Welcome to the first tech article by Eminence IT Solutions. If you are reading this I’ll make the assumption that you have written code before or at least familiar with the idea of managing your code and a development process. You might find this particularly helpful if you are a student or just starting out your coding journey. I promise you it will not only help you find bugs easily but it will improve your code and really speed up your development process.
What is source control?
Source control is the process of managing your source code. This can look different depending on the project, people or place you are working at. It can be a team of developers all pushing their code to different branches (you might see where this is going). Or it could be a group of first year uni students sharing a zip folder on G Drive (it’s scary, but we have been there trust me). If you are an experienced developer you may be cringing at the thought of moving code around in zip folders but we all started somewhere. Let’s go over why this is a bad idea.
Zip folders are impossible to guarantee versioning on. Sure you might name your folder version one, one point one, so on and so forth. You have no way of really knowing what files were changed in the folder you are receiving. Furthermore, it is impossible to track the lines of code changed within the folder. But you need a way to share your code with your peers to review, enhance, fix, etc. Enter Git.
What is Git?
Git is a source control technology that allows you to track your code changes. Git deals with a few terms that might be new to you including; branches, remotes, repositories and commits. Your folder (or directory of code) is your repository; it holds all of your code. Now there are a few ways you can set up a repository; you can initialise one from an existing folder, or you can clone one from somewhere like GitHub or BitBucket. A remote is a location you are going to push your code to, this might be a repo hosted on your GitHub account, or on your company’s GitHub. A branch is a copy of your repo, you might create a new branch to build a new feature. You have an existing copy of your repo you know works and you then branch off of that to make a “feature branch”. Finally we have commits, these are small pieces of work or changes that you incrementally build on.
To put this all together with an example. Let’s say that I have a mobile app that I am building. At the moment it has a login screen, a register screen and once you’re logged in it lists out all of your favorite places to go walking. We want a feature where all the locations you like to walk at show as pins on a map. Our existing code is in the master (or main) branch. We can create a new branch off of this called “feature/mapping” and start our mapping feature there.
Now let’s say that users start reporting a bug in the list. If we didn’t have Git, we would start to dig through our code and undo all of the changes that we have made for our mapping feature, because it isn’t finished yet. With Git, we create another branch off of master called “bug/list” and we fix it there. We then merge “bug/list” back into master and the crisis is averted. We don’t need to undo any changes in our feature branch. We don’t run the risk of losing the version we know works.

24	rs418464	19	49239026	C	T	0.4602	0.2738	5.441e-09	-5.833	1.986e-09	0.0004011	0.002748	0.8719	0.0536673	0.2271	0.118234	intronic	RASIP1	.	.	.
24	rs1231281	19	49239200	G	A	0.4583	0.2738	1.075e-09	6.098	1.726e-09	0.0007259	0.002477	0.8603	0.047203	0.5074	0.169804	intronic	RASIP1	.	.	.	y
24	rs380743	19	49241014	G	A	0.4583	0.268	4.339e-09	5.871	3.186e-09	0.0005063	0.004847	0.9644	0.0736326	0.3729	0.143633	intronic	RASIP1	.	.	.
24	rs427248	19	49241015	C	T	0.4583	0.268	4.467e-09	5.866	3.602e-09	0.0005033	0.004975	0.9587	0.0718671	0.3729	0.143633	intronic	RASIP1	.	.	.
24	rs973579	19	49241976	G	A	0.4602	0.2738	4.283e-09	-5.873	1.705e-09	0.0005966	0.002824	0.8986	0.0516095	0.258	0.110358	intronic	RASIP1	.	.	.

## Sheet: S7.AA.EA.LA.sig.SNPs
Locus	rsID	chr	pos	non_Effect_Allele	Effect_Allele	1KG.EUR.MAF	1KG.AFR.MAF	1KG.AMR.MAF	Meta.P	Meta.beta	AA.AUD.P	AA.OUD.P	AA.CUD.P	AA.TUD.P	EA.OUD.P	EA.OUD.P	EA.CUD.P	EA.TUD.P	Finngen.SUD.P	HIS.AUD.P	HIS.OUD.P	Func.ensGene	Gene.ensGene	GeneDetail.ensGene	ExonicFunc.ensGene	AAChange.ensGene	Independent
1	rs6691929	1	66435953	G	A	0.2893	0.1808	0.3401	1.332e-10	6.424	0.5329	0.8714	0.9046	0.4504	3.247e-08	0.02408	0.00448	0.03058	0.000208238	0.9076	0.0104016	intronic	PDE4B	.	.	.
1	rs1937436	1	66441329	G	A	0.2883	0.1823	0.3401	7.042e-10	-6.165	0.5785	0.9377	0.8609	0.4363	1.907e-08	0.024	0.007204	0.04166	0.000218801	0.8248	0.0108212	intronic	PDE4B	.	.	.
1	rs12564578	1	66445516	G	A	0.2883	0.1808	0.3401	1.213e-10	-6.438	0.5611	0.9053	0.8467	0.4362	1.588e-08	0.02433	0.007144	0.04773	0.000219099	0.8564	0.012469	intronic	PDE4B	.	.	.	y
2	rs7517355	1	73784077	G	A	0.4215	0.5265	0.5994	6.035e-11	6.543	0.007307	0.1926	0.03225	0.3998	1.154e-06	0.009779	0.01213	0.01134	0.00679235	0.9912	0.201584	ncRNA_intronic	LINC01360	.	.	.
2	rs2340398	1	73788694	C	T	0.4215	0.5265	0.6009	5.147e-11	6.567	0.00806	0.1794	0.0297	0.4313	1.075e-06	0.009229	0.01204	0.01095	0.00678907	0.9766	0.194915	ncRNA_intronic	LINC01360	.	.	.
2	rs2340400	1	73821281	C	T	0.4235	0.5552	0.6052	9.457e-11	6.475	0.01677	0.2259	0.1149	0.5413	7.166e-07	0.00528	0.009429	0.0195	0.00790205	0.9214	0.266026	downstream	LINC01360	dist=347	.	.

What does a tree have to do with this?
So we have talked about branches, which is a hint at where this is going but how does a tree help us? Let’s think of the trunk of the tree as the master branch of our repository. This can be treated as the core of the project, a rule we have at Eminence is we never push directly to master on a live project. This is from a quality assurance position. We don’t want to change the main structure of our tree without proper review. So we do feature branches that feed into release branches. When we want to do a release, we review the release into the master branch pull request after it has all been tested and then we merge.
We can think of our release branch like a branch off a tree trunk, and then a feature branch as a branch off the release branch. We can build on this time and time again and if we break one of the branches. It won’t bring the whole tree down.
I am doing a group project – what now?
Let’s roll back to our concept of remotes, this can be a hard one to grapple at first but say you have a group trying to all work on the same repository of code. You will all want to create a fork of your repo onto your own personal remote. Now let’s say you have an assignment to build an e-commerce store. One of you might build the checkout feature, one of you might build the payment feature and one of you might build the products page.
Now you can all push to your own remotes and merge from those remotes into the decided main repo. This keeps the repository clean and allows you to see who has made what code changes.
There is a fair bit of information to digest here. So feel free to leave a comment with any questions you have and we will get back to you as soon as you can.